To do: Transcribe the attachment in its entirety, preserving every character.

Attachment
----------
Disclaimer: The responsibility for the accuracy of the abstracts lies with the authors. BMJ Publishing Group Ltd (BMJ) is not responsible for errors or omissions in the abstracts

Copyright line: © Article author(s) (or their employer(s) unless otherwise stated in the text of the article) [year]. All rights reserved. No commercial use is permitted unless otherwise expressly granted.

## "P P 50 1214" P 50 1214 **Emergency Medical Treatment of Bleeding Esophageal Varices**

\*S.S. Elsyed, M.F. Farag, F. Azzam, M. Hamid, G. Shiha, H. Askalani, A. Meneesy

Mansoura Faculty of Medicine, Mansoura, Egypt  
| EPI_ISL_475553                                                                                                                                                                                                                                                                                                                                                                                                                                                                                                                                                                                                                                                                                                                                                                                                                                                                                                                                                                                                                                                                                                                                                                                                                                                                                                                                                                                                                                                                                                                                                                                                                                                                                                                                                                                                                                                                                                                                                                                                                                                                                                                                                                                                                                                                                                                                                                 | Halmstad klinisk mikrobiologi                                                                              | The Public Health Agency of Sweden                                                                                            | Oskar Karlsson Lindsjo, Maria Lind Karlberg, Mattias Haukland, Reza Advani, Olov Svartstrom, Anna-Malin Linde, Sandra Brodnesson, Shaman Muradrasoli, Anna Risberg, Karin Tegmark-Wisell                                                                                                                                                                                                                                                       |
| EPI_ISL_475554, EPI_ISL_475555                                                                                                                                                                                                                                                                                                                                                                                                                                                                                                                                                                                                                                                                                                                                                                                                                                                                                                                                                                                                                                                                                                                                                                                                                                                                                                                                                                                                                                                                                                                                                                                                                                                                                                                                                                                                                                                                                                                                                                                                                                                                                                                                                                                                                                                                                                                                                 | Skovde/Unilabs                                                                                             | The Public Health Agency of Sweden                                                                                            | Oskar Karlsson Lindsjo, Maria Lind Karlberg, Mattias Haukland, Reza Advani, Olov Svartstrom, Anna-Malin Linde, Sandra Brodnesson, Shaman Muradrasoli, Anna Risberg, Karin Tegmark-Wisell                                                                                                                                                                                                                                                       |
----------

Disclaimer: The responsibility for the accuracy of the abstracts lies with the authors. BMJ Publishing Group Ltd (BMJ) is not responsible for errors or omissions in the abstracts

Copyright line: © Article author(s) (or their employer(s) unless otherwise stated in the text of the article) [year]. All rights reserved. No commercial use is permitted unless otherwise expressly granted.

## "P P 50 1214" P 50 1214 **Emergency Medical Treatment of Bleeding Esophageal Varices**

\*S.S. Elsyed, M.F. Farag, F. Azzam, M. Hamid, G. Shiha, H. Askalani, A. Meneesy

Mansoura Faculty of Medicine, Mansoura, Egypt  
| EPI_ISL_475553                                                                                                                                                                                                                                                                                                                                                                                                                                                                                                                                                                                                                                                                                                                                                                                                                                                                                                                                                                                                                                                                                                                                                                                                                                                                                                                                                                                                                                                                                                                                                                                                                                                                                                                                                                                                                                                                                                                                                                                                                                                                                                                                                                                                                                                                                                                                                                 | Halmstad klinisk mikrobiologi                                                                              | The Public Health Agency of Sweden                                                                                            | Oskar Karlsson Lindsjo, Maria Lind Karlberg, Mattias Haukland, Reza Advani, Olov Svartstrom, Anna-Malin Linde, Sandra Brodnesson, Shaman Muradrasoli, Anna Risberg, Karin Tegmark-Wisell                                                                                                                                                                                                                                                       |
| EPI_ISL_475554, EPI_ISL_475555                                                                                                                                                                                                                                                                                                                                                                                                                                                                                                                                                                                                                                                                                                                                                                                                                                                                                                                                                                                                                                                                                                                                                                                                                                                                                                                                                                                                                                                                                                                                                                                                                                                                                                                                                                                                                                                                                                                                                                                                                                                                                                                                                                                                                                                                                                                                                 | Skovde/Unilabs                                                                                             | The Public Health Agency of Sweden                                                                                            | Oskar Karlsson Lindsjo, Maria Lind Karlberg, Mattias Haukland, Reza Advani, Olov Svartstrom, Anna-Malin Linde, Sandra Brodnesson, Shaman Muradrasoli, Anna Risberg, Karin Tegmark-Wisell                                                                                                                                                                                                                                                       |